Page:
Fun with Chi-Squared

As mentioned before, the Chi-Squared inverse cumulative distribution is used when calculating confidence intervals in allantools.

When comparing computed confidence intervals against Stable32, there seems to be some systematic offsets, which I wanted to investigate.

While allantools uses scipy.stats.chi2.ppf(), It turns out that Stable32 uses an iterative method for EDF<=100, and an approximation from Abramowitz and Stegun: Handbook of Mathematical Functions for EDF>100. This 1964 book seems to be available online from many sites. The approximation (for large EDF) for the inverse chi-squared cumulative distribution is equations 26.4.17 (p410 in the PDF) (here nu is the equivalent degrees of freedom)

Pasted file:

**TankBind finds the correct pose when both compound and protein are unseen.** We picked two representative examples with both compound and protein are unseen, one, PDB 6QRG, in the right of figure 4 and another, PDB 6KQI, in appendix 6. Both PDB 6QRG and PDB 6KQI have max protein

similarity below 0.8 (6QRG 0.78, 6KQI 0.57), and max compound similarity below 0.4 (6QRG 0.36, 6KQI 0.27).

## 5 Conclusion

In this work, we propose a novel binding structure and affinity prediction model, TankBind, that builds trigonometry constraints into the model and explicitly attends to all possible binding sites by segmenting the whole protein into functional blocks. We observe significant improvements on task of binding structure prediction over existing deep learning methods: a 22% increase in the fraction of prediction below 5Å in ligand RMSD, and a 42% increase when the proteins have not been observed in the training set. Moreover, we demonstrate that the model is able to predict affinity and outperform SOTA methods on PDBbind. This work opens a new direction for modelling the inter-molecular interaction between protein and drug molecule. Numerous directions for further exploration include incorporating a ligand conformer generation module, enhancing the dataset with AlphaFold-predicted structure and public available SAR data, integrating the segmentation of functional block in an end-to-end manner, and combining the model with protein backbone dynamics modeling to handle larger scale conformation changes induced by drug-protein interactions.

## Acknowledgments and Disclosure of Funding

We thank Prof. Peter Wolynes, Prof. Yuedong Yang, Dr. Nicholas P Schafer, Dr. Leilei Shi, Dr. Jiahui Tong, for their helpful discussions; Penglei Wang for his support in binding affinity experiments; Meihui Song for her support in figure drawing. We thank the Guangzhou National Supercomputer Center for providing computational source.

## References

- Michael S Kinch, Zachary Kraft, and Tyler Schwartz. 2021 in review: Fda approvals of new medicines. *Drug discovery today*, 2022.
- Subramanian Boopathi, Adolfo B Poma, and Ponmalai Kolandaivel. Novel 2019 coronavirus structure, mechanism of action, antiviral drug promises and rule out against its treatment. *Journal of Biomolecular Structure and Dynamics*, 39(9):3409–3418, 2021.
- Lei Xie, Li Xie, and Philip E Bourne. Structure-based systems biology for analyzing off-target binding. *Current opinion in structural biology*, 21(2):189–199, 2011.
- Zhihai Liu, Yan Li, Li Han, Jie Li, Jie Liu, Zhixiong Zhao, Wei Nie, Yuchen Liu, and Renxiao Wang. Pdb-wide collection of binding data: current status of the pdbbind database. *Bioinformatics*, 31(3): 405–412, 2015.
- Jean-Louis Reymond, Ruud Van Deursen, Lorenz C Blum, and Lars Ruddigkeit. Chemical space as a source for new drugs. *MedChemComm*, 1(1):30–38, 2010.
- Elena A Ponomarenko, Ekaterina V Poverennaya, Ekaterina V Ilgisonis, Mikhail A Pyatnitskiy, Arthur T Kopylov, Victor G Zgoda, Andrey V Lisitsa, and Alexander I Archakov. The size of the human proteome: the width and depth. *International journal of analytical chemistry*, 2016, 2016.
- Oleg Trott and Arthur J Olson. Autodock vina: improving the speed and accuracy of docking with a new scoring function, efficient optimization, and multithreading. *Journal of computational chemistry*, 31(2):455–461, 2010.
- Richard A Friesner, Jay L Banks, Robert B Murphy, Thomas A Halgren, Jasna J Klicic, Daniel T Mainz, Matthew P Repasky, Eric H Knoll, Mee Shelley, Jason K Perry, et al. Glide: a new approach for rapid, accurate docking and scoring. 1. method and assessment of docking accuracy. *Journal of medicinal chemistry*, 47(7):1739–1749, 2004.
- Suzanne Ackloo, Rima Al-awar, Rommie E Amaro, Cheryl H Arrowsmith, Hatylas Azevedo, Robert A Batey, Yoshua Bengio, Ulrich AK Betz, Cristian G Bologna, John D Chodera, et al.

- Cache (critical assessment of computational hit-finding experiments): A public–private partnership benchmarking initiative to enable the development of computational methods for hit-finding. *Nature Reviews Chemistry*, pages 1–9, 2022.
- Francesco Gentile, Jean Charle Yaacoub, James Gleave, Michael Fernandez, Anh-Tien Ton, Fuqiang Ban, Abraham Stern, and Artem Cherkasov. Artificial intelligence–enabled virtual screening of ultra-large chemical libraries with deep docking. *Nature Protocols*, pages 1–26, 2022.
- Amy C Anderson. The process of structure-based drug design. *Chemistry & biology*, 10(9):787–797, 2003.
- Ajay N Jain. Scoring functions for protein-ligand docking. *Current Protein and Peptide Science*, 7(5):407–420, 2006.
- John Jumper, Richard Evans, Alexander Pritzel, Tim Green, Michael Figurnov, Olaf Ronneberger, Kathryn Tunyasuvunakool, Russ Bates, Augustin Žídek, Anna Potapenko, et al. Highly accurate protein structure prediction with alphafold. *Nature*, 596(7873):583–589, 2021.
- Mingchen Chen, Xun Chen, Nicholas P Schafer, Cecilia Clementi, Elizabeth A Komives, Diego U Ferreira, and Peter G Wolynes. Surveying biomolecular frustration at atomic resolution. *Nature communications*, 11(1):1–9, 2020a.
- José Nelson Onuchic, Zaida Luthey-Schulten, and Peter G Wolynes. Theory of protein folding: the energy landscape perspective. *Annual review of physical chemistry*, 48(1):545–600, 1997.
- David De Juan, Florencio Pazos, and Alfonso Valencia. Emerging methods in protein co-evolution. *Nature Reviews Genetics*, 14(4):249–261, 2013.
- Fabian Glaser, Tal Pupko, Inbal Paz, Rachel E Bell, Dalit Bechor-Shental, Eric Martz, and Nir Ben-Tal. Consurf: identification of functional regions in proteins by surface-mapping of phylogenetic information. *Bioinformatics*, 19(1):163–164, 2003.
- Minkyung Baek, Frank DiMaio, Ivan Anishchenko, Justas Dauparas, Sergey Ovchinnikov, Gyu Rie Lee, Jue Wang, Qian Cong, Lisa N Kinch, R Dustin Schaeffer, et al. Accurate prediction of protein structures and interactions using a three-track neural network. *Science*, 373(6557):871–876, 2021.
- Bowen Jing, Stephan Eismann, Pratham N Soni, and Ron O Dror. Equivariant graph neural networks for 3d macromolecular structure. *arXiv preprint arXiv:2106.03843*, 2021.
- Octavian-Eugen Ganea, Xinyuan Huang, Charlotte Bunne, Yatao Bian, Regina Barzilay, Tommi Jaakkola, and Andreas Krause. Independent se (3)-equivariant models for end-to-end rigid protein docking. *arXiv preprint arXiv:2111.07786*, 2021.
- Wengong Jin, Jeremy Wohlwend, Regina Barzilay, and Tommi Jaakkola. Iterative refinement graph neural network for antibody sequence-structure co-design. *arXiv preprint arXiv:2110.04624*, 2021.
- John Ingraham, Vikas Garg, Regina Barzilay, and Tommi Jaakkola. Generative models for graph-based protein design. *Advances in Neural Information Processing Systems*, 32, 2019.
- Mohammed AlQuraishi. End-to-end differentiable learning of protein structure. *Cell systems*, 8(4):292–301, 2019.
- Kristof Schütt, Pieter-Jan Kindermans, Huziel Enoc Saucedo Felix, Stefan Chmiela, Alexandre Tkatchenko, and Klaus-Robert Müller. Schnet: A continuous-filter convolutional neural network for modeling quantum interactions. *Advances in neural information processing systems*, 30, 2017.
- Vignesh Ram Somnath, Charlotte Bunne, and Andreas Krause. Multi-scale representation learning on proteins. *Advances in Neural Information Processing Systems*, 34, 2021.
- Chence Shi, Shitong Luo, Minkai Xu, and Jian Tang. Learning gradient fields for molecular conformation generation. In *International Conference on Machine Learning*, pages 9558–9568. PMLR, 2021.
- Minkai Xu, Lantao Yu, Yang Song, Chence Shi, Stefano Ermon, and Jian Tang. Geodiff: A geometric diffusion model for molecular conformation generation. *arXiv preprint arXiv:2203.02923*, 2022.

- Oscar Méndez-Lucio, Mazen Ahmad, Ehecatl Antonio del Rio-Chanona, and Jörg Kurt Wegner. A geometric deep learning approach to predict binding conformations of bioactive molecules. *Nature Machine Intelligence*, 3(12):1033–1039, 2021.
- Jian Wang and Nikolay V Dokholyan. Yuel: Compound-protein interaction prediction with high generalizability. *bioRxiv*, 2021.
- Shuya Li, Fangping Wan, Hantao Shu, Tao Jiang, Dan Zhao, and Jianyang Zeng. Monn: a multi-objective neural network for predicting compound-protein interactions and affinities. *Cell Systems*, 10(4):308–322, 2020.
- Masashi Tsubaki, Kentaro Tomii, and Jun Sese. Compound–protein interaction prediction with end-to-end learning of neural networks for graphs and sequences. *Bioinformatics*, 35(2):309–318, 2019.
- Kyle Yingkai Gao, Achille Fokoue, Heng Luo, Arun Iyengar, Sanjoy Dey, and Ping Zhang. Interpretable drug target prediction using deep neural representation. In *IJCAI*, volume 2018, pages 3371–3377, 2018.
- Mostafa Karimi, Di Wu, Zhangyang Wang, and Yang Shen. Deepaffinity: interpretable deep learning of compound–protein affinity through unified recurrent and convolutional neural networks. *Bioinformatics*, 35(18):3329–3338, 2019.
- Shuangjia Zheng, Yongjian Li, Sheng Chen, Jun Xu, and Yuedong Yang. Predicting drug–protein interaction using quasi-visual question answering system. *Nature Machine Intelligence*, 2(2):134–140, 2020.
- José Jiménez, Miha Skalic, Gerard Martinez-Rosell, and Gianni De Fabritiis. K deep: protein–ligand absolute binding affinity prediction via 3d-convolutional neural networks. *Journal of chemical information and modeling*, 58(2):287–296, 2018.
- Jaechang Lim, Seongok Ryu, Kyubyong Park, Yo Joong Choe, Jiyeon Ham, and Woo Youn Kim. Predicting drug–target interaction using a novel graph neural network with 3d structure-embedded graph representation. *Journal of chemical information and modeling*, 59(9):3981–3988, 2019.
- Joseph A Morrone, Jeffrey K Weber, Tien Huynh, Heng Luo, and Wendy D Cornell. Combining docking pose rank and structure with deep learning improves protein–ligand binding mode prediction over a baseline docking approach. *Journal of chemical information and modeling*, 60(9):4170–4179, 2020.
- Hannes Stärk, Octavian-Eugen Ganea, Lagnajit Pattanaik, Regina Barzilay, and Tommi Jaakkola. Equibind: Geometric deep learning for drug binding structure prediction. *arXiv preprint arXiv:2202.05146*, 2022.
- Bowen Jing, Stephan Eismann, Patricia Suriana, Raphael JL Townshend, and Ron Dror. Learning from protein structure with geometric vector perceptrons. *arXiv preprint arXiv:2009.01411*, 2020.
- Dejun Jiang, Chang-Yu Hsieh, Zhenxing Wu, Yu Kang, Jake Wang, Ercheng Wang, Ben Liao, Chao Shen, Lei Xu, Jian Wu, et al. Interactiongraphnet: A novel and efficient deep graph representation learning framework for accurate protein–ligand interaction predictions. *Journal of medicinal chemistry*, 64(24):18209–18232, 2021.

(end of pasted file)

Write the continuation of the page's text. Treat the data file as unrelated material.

Abramowitz and Stegun, inverse chi-squared cumulative distribution, for large EDF.

Where xp is from the inverse of the Normal cumulative distribution, computed via the approximation 26.2.22 (p404 in the PDF)

Abramowitz & Stegun, approximate inverse Normal cumulative distribution, for 0<p<0.5

It also looks like the Stable32 source contains a misprint, where the a1 coefficient of 26.2.22 is used with two digits in the wrong order! (I did promise 'fun' in the title of this post!)

If we plot both scipy.stats.chi2.ppf() and the Stable32 implementation for various EDF and probabilities we get the following: